not a hair " About his bulk, but it stands in print." Again, in The Portraiture of Hypocrifie, bí. I. 1589:"-others lain out to maintaine their porte, which must needes bee in print.



And when that hour o'er-slips me in the day,
Wherein I sigh not, Julia, for thy fake,
The next ensuing hour fome foul mischance
Torment me for my love's forgetfulness! !
My father stays my coming; answer not;
The tide is now: nay, not thy tide of tears ;
That tide will stay me longer than I should:

[Exit Julia.
Julia, farewell.—What! gone without a word?
Ay, so true love should do: it cannot speak;
For truth hath better deeds, than words, to grace it.


Pan. Sir Proteus, you are staid for.

Pro. Go; I come, I come :-
Alas ! this parting strikes poor lovers dumb.



The same. A freet.

Enter Launce, leading a dog. Laun. Nay, 'twill be this hour, ere I have done weeping; all the kind of the Launces have this very fault: I have received my proportion, like the prodigious son, and am going with fir Proteus to the Imperial's court. I think, Crab my dog be the soureft-natured dog that lives : my mother weeping, my father wailing, my sister crying, our maid howling, our cat wringing her hands, and all our house in a great perplexity, yet did not this cruel-hearted cur shed one tear: he is a stone, a very pebble-stone, and has no more pity in him than a dog: a Jew would have wept to have seen

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our parting; why, my grandam having no eyes, look you, wept herself blind at my parting. Nay, I'll show you the manner of it: This shoe is my father ;-no, this left fhoe is my father ;-no, no, this left shoe is my mother ;-nay, that cannot be so neither ;-yes, it is so, it is so; it hath the worser sole: This shoe, with the hole in it, is my mother, and this my father; A vengeance on't! there 'tis : now, fir, this staff is my fifter; for, look you, she is as white as a lily, and as small as a wand: this hat is Nan, our maid; I am the dog: --no, the dog is himself, and I am the dog," O, the dog is me, and I am myself; ay, fo, so. Now come I to my father; Father, your blessing : now should not the shoe speak a word for weeping; now should I kiss my father; well, he weeps on:now come I to my mother, (0, that she could speak now!) like a wood woman; well, I kiss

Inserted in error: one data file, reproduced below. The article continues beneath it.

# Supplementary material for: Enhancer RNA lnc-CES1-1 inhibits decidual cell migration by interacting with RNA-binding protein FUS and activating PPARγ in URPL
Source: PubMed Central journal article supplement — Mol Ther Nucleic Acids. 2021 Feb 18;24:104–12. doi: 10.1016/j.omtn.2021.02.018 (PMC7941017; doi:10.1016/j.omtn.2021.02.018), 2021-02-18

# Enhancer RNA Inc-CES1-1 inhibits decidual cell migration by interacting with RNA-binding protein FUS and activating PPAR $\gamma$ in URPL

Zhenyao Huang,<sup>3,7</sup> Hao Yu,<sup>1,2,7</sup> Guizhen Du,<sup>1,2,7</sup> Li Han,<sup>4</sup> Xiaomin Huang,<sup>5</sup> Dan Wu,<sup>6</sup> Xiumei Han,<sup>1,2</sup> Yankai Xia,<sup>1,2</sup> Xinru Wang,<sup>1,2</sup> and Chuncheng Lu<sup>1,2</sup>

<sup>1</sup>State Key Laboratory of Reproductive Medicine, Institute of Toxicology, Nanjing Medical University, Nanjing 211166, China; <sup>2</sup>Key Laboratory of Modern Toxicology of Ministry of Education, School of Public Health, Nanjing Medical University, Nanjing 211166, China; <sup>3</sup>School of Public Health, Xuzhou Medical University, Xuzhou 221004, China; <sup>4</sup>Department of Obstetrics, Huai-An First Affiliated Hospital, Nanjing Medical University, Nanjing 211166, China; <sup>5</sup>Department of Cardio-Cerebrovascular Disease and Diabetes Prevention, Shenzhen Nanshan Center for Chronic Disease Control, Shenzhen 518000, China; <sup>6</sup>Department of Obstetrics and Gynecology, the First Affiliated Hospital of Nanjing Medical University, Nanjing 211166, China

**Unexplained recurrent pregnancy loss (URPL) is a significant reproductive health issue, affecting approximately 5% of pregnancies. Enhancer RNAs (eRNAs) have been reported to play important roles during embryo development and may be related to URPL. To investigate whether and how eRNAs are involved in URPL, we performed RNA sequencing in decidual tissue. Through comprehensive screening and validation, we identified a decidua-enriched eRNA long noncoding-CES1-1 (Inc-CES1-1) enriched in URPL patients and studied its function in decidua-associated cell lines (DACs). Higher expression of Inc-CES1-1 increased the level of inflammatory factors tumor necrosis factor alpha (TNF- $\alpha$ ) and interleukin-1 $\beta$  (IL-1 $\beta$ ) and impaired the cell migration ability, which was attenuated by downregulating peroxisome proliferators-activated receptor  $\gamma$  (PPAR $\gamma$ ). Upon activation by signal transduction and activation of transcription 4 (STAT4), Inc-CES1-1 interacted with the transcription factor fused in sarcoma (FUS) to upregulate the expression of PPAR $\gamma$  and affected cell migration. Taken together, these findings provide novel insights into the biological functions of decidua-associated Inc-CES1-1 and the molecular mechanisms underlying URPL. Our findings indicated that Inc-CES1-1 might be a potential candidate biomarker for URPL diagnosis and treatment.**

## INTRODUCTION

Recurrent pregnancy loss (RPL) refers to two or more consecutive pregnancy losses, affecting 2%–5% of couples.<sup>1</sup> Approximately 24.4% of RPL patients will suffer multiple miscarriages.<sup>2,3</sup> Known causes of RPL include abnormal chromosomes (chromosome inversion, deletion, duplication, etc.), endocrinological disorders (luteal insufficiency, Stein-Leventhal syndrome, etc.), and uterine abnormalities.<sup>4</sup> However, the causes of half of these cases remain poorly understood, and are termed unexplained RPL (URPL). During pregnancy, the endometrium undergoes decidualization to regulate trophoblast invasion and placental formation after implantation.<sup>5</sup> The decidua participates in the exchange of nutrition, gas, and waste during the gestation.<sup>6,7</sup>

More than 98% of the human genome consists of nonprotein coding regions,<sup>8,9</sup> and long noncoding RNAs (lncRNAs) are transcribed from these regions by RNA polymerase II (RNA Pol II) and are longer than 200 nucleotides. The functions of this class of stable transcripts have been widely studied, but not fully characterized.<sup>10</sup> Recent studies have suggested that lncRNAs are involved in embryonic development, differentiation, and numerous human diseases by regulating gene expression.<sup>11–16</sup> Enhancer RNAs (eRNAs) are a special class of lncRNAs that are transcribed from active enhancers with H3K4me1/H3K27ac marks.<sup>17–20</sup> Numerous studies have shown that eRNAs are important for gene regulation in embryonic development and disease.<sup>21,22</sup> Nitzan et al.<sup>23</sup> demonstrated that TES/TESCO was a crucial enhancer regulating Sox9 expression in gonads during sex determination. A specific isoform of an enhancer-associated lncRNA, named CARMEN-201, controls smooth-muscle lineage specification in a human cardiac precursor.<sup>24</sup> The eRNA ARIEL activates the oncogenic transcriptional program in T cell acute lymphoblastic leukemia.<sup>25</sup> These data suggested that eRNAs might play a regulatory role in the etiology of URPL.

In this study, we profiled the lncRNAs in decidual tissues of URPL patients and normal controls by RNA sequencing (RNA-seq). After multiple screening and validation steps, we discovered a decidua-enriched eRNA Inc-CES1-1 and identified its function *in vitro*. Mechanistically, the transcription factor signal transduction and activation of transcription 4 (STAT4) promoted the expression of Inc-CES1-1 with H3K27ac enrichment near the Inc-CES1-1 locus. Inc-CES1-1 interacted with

I am the dog : &c.] A fimilar thought occurs in a play printed earlier than the present. See A Chriftian turn'd Turk, 1612 :

-you shall stand for the lady, you for her dog, and I the page; you and the dog looking one upon another : the page presents himself." STEEVENS.

-I am the dog, &c.] This paffage is much confused, and of confufion the present reading makes no end. Sir T. Hanmer reads, I am the dog, no, the dog is himself and I am me, the the dog, and I am myself. This certainly is more reasonable, but I know not how much reason the author intended to bestow on Launce's soliloquy. JOHNSON.

8 — like a wood woman;-] The first folios agree in would-woman : for which, because it was a mystery to Mr. Pope, he has unmeaningly substituted ould woman. But it must be writ, or at least understood, wood woman, i. e. crazy, frantic with grief; or diftracted, from any other cause. The word is very frequently used in Chaucer; and sometimes writ wood, sometimes wode. Í HEOBALD.

Print thus : “ Now come I to my mother, (O, that she could speak now !) like a wood woman.”

Perhaps the humour would be heightened by reading-(0, that the face could speak now!) BLACKSTONE,